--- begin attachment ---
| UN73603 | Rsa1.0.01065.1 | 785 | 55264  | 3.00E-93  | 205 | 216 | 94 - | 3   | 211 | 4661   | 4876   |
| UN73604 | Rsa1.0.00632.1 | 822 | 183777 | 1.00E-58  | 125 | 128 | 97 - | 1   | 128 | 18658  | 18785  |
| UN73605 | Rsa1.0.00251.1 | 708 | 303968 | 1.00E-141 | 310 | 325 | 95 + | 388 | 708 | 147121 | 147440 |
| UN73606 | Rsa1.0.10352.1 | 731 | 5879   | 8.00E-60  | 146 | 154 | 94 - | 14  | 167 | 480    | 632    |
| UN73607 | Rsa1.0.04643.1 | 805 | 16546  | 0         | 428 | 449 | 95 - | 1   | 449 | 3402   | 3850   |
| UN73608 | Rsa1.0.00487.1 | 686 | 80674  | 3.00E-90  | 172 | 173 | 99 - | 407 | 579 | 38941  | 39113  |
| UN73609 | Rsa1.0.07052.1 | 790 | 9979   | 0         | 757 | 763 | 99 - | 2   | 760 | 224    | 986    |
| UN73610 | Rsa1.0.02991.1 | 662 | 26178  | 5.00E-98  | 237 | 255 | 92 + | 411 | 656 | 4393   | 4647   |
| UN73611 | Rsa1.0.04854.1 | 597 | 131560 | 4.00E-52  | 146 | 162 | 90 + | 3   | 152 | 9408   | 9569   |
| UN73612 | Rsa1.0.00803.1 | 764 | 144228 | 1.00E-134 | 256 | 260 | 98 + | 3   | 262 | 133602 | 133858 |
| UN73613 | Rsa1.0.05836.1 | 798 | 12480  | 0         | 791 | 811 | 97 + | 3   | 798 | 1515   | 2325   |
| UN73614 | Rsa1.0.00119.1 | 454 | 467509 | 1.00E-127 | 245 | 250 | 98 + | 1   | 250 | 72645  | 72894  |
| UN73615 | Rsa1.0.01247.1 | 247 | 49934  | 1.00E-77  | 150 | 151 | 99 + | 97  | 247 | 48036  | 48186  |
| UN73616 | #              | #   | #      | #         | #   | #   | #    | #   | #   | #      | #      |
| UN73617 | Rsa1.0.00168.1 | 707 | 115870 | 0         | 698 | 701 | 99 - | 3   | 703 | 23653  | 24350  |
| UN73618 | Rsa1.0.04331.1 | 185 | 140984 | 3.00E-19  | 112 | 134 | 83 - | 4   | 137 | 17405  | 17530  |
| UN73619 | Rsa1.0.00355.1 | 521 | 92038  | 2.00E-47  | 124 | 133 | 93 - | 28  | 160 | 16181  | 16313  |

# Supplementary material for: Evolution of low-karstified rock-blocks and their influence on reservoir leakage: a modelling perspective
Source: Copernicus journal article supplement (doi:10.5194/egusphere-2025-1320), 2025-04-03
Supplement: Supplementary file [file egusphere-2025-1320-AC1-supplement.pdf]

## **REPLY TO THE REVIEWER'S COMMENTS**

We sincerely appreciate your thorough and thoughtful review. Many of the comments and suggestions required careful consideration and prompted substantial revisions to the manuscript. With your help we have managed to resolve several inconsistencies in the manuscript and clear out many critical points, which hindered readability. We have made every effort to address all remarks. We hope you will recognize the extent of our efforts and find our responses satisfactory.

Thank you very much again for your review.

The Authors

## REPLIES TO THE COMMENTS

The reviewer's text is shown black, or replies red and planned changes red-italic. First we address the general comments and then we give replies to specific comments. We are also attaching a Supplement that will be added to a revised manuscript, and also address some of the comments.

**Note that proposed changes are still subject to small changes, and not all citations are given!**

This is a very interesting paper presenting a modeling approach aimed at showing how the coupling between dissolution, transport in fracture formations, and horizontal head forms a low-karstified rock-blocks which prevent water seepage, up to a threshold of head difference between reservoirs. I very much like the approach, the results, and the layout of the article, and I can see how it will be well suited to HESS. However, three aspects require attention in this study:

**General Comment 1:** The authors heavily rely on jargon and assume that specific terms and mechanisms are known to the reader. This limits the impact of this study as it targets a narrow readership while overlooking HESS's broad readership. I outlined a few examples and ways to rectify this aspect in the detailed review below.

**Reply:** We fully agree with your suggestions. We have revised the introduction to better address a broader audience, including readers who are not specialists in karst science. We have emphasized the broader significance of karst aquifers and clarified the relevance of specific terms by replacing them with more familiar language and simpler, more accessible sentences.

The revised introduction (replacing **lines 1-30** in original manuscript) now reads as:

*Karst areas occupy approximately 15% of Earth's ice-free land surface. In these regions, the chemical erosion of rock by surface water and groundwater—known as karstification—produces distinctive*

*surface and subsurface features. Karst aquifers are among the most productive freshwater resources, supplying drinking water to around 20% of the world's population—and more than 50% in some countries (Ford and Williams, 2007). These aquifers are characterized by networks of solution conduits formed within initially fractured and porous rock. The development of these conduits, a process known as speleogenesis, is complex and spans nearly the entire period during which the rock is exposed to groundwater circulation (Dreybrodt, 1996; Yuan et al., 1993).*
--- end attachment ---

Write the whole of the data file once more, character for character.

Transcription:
| UN73603 | Rsa1.0.01065.1 | 785 | 55264  | 3.00E-93  | 205 | 216 | 94 - | 3   | 211 | 4661   | 4876   |
| UN73604 | Rsa1.0.00632.1 | 822 | 183777 | 1.00E-58  | 125 | 128 | 97 - | 1   | 128 | 18658  | 18785  |
| UN73605 | Rsa1.0.00251.1 | 708 | 303968 | 1.00E-141 | 310 | 325 | 95 + | 388 | 708 | 147121 | 147440 |
| UN73606 | Rsa1.0.10352.1 | 731 | 5879   | 8.00E-60  | 146 | 154 | 94 - | 14  | 167 | 480    | 632    |
| UN73607 | Rsa1.0.04643.1 | 805 | 16546  | 0         | 428 | 449 | 95 - | 1   | 449 | 3402   | 3850   |
| UN73608 | Rsa1.0.00487.1 | 686 | 80674  | 3.00E-90  | 172 | 173 | 99 - | 407 | 579 | 38941  | 39113  |
| UN73609 | Rsa1.0.07052.1 | 790 | 9979   | 0         | 757 | 763 | 99 - | 2   | 760 | 224    | 986    |
| UN73610 | Rsa1.0.02991.1 | 662 | 26178  | 5.00E-98  | 237 | 255 | 92 + | 411 | 656 | 4393   | 4647   |
| UN73611 | Rsa1.0.04854.1 | 597 | 131560 | 4.00E-52  | 146 | 162 | 90 + | 3   | 152 | 9408   | 9569   |
| UN73612 | Rsa1.0.00803.1 | 764 | 144228 | 1.00E-134 | 256 | 260 | 98 + | 3   | 262 | 133602 | 133858 |
| UN73613 | Rsa1.0.05836.1 | 798 | 12480  | 0         | 791 | 811 | 97 + | 3   | 798 | 1515   | 2325   |
| UN73614 | Rsa1.0.00119.1 | 454 | 467509 | 1.00E-127 | 245 | 250 | 98 + | 1   | 250 | 72645  | 72894  |
| UN73615 | Rsa1.0.01247.1 | 247 | 49934  | 1.00E-77  | 150 | 151 | 99 + | 97  | 247 | 48036  | 48186  |
| UN73616 | #              | #   | #      | #         | #   | #   | #    | #   | #   | #      | #      |
| UN73617 | Rsa1.0.00168.1 | 707 | 115870 | 0         | 698 | 701 | 99 - | 3   | 703 | 23653  | 24350  |
| UN73618 | Rsa1.0.04331.1 | 185 | 140984 | 3.00E-19  | 112 | 134 | 83 - | 4   | 137 | 17405  | 17530  |
| UN73619 | Rsa1.0.00355.1 | 521 | 92038  | 2.00E-47  | 124 | 133 | 93 - | 28  | 160 | 16181  | 16313  |

# Supplementary material for: Evolution of low-karstified rock-blocks and their influence on reservoir leakage: a modelling perspective
Source: Copernicus journal article supplement (doi:10.5194/egusphere-2025-1320), 2025-04-03
Supplement: Supplementary file [file egusphere-2025-1320-AC1-supplement.pdf]

## **REPLY TO THE REVIEWER'S COMMENTS**

We sincerely appreciate your thorough and thoughtful review. Many of the comments and suggestions required careful consideration and prompted substantial revisions to the manuscript. With your help we have managed to resolve several inconsistencies in the manuscript and clear out many critical points, which hindered readability. We have made every effort to address all remarks. We hope you will recognize the extent of our efforts and find our responses satisfactory.

Thank you very much again for your review.

The Authors

## REPLIES TO THE COMMENTS

The reviewer's text is shown black, or replies red and planned changes red-italic. First we address the general comments and then we give replies to specific comments. We are also attaching a Supplement that will be added to a revised manuscript, and also address some of the comments.

**Note that proposed changes are still subject to small changes, and not all citations are given!**

This is a very interesting paper presenting a modeling approach aimed at showing how the coupling between dissolution, transport in fracture formations, and horizontal head forms a low-karstified rock-blocks which prevent water seepage, up to a threshold of head difference between reservoirs. I very much like the approach, the results, and the layout of the article, and I can see how it will be well suited to HESS. However, three aspects require attention in this study:

**General Comment 1:** The authors heavily rely on jargon and assume that specific terms and mechanisms are known to the reader. This limits the impact of this study as it targets a narrow readership while overlooking HESS's broad readership. I outlined a few examples and ways to rectify this aspect in the detailed review below.

**Reply:** We fully agree with your suggestions. We have revised the introduction to better address a broader audience, including readers who are not specialists in karst science. We have emphasized the broader significance of karst aquifers and clarified the relevance of specific terms by replacing them with more familiar language and simpler, more accessible sentences.

The revised introduction (replacing **lines 1-30** in original manuscript) now reads as:

*Karst areas occupy approximately 15% of Earth's ice-free land surface. In these regions, the chemical erosion of rock by surface water and groundwater—known as karstification—produces distinctive*

*surface and subsurface features. Karst aquifers are among the most productive freshwater resources, supplying drinking water to around 20% of the world's population—and more than 50% in some countries (Ford and Williams, 2007). These aquifers are characterized by networks of solution conduits formed within initially fractured and porous rock. The development of these conduits, a process known as speleogenesis, is complex and spans nearly the entire period during which the rock is exposed to groundwater circulation (Dreybrodt, 1996; Yuan et al., 1993).*